These are usually taken by having you bite on a small tab which steadies the x-ray film in your mouth while the dentist positions the x-ray beam so that they can take the picture (bitewing x-rays). The x-ray beam looks exactly like a telescope. It’s usually on the end of a mechanical arm so it can be adjusted to get it close to the x-ray film for the best picture. It’s because the x-rays travel in a straight line (and the vastly decreased radiation of modern x-rays) that nowadays there’s no need to wear heavy lead aprons any more. The x-ray films that you hold in your mouth aren’t terribly mouth shaped and some people find them uncomfortable, but they’re usually over fairly quickly. These films are made of soft plastic and are about 3cm x 4cm in size, although smaller ones are available. The smaller x-ray films do not show as many teeth however and your dentist might have to take more pictures then. To hold the film in your mouth the dentist will ask you to gently close your teeth together on to a small paper tab or plastic holder whilst the film is in your mouth. If you feel something soft, like a sausage, between your teeth it might be the dentist’s finger! Please resist the urge to bite too hard…
Digital x-rays are more common than “traditional” ones nowadays and will come up on a computer screen much more quickly than the normal x-ray developer. The radiation dose is much smaller than that of traditional dental x-rays (even though the dose of radiation of normal x-rays is low too).
Some dentists have an x-ray machine that can take a picture of all your teeth at once (panoramic or panoral x-rays). This involves sitting or standing still whilst the machine slowly rotates around your head. It will not touch you at any point. The picture it provides is a useful overview of your teeth and bones but is no substitute really for the smaller close-up films.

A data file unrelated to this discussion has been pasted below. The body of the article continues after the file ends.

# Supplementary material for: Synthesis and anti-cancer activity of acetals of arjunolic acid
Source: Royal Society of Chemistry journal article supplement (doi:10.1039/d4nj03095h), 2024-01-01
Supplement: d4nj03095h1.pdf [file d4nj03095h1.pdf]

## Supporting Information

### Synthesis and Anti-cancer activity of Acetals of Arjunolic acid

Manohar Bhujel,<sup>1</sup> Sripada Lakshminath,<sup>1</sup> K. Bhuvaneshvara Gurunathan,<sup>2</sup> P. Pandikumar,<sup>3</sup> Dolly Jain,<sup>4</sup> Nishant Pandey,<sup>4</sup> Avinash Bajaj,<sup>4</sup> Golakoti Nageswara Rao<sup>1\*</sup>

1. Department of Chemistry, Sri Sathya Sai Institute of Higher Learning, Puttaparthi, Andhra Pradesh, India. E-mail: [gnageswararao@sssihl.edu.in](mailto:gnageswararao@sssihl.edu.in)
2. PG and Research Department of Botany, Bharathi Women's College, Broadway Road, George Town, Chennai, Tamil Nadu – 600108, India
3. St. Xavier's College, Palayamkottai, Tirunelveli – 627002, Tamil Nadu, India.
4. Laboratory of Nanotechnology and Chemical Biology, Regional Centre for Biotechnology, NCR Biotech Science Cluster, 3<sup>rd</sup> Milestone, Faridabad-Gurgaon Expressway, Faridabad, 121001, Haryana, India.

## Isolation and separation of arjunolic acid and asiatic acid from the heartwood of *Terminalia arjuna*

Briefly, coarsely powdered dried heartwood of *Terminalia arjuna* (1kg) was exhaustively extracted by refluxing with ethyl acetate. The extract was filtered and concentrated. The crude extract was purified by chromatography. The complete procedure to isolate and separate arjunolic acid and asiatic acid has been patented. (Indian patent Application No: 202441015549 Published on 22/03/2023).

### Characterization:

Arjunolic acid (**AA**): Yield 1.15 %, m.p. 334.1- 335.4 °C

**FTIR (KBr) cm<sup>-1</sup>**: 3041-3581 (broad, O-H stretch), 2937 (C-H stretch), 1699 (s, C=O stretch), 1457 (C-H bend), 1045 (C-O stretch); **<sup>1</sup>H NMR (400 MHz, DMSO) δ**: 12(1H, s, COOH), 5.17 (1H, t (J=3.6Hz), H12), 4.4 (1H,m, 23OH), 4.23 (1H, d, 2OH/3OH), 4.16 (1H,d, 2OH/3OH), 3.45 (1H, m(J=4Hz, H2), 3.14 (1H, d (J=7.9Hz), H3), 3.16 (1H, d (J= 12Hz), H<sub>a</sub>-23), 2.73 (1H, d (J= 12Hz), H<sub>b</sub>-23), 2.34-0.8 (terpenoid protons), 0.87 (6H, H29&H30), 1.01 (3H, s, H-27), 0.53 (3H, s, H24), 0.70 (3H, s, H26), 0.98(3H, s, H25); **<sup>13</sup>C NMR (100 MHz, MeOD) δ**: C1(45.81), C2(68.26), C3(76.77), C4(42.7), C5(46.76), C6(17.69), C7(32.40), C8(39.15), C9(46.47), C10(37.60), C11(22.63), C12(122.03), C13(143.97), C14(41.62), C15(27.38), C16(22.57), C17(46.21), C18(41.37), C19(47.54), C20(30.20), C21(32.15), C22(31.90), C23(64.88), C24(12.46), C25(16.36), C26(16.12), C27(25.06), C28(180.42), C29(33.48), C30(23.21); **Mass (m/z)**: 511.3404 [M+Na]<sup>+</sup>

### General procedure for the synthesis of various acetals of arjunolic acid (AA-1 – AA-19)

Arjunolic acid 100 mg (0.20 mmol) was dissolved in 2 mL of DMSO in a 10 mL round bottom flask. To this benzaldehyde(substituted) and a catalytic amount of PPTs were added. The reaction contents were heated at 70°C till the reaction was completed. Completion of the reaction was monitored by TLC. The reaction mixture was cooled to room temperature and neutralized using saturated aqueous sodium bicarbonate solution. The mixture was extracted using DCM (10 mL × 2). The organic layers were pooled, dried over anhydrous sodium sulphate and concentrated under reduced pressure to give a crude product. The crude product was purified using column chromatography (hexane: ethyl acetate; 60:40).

In the U.S., many dental offices take a full-mouth series (FMX) of x-rays, consisting of 4 bitewing films and 14 periapical films (showing the tips of the roots and supporting bone). This is not done in the U.K.
As part of a routine check of your mouth, the dentist will also want to have a look at the foundations of your teeth, or in technical speak ‘your gums’! You may notice from time to time when you are brushing your teeth that there is a little bit of blood when you spit out. This bleeding may indicate the presence of gingivitis or gum disease. The dentist has a small probe with a special tiny ball on the end of it, imaginatively called ‘the ball-ended probe’. This is used to gently run around the necks of your teeth where they meet the gums. The first signs of gum disease always start here and your dentist will not want to press hard at all on the gums. By doing this check, the dentist can identify any areas where gum disease is present. Oftentimes just telling you where you may have been missing the gum during brushing will solve this problem. What do the numbers dentists say mean? >>
On some areas of your mouth you may have a build up of calcium deposits on the teeth. This is called calculus or tartar. If left in place the gum can become inflamed under the calculus area, so your dentist will make a note of this and may wish to provide some cleaning for you as part of your dental treatment.
A visual check of the gums will usually tell your dentist if there is gingivitis or gum disease. If you do not like the idea of your dentist poking around, realistically, a visual examination would suffice and if gum disease is suspected, any measurements taken at a later date when rapport, trust and confidence have been built.
Other areas of your mouth
Your dentist will want to have a general look around the skin of your mouth (technically, ‘the mucosa’). This does not involve probing, and should be a purely visual check to make sure everything is healthy.
Having most of the information that the dentist needs now, he can give you a run-through of his findings, and answer any questions that you may have. The dentist should be able to give you a rough idea of how many appointments it would take and estimate a cost for your treatment.
For support and help with a fear of the dentist, visit our forum!